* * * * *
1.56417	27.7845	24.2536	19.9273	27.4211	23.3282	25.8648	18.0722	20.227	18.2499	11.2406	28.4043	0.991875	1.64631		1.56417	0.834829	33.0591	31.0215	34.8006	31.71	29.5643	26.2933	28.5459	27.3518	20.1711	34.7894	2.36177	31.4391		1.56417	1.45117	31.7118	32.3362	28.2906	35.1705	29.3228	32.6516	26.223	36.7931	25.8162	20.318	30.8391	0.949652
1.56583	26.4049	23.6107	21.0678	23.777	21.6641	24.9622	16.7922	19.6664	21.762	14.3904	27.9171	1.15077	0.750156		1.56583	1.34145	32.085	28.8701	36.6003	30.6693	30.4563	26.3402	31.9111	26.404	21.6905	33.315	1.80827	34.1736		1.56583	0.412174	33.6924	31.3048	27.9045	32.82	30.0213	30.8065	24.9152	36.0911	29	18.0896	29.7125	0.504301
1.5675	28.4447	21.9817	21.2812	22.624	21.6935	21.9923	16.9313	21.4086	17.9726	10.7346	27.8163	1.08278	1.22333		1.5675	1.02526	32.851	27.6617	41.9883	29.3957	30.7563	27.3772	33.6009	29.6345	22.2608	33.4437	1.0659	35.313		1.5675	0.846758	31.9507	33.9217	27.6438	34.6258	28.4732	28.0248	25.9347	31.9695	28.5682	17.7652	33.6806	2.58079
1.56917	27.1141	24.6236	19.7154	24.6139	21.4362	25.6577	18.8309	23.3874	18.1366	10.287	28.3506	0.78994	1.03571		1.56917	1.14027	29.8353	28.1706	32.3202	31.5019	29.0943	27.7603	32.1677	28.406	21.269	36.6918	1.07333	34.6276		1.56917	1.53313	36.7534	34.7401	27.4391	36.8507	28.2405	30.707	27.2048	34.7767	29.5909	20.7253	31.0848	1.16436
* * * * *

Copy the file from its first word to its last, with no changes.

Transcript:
1.56417	27.7845	24.2536	19.9273	27.4211	23.3282	25.8648	18.0722	20.227	18.2499	11.2406	28.4043	0.991875	1.64631		1.56417	0.834829	33.0591	31.0215	34.8006	31.71	29.5643	26.2933	28.5459	27.3518	20.1711	34.7894	2.36177	31.4391		1.56417	1.45117	31.7118	32.3362	28.2906	35.1705	29.3228	32.6516	26.223	36.7931	25.8162	20.318	30.8391	0.949652
1.56583	26.4049	23.6107	21.0678	23.777	21.6641	24.9622	16.7922	19.6664	21.762	14.3904	27.9171	1.15077	0.750156		1.56583	1.34145	32.085	28.8701	36.6003	30.6693	30.4563	26.3402	31.9111	26.404	21.6905	33.315	1.80827	34.1736		1.56583	0.412174	33.6924	31.3048	27.9045	32.82	30.0213	30.8065	24.9152	36.0911	29	18.0896	29.7125	0.504301
1.5675	28.4447	21.9817	21.2812	22.624	21.6935	21.9923	16.9313	21.4086	17.9726	10.7346	27.8163	1.08278	1.22333		1.5675	1.02526	32.851	27.6617	41.9883	29.3957	30.7563	27.3772	33.6009	29.6345	22.2608	33.4437	1.0659	35.313		1.5675	0.846758	31.9507	33.9217	27.6438	34.6258	28.4732	28.0248	25.9347	31.9695	28.5682	17.7652	33.6806	2.58079
1.56917	27.1141	24.6236	19.7154	24.6139	21.4362	25.6577	18.8309	23.3874	18.1366	10.287	28.3506	0.78994	1.03571		1.56917	1.14027	29.8353	28.1706	32.3202	31.5019	29.0943	27.7603	32.1677	28.406	21.269	36.6918	1.07333	34.6276		1.56917	1.53313	36.7534	34.7401	27.4391	36.8507	28.2405	30.707	27.2048	34.7767	29.5909	20.7253	31.0848	1.16436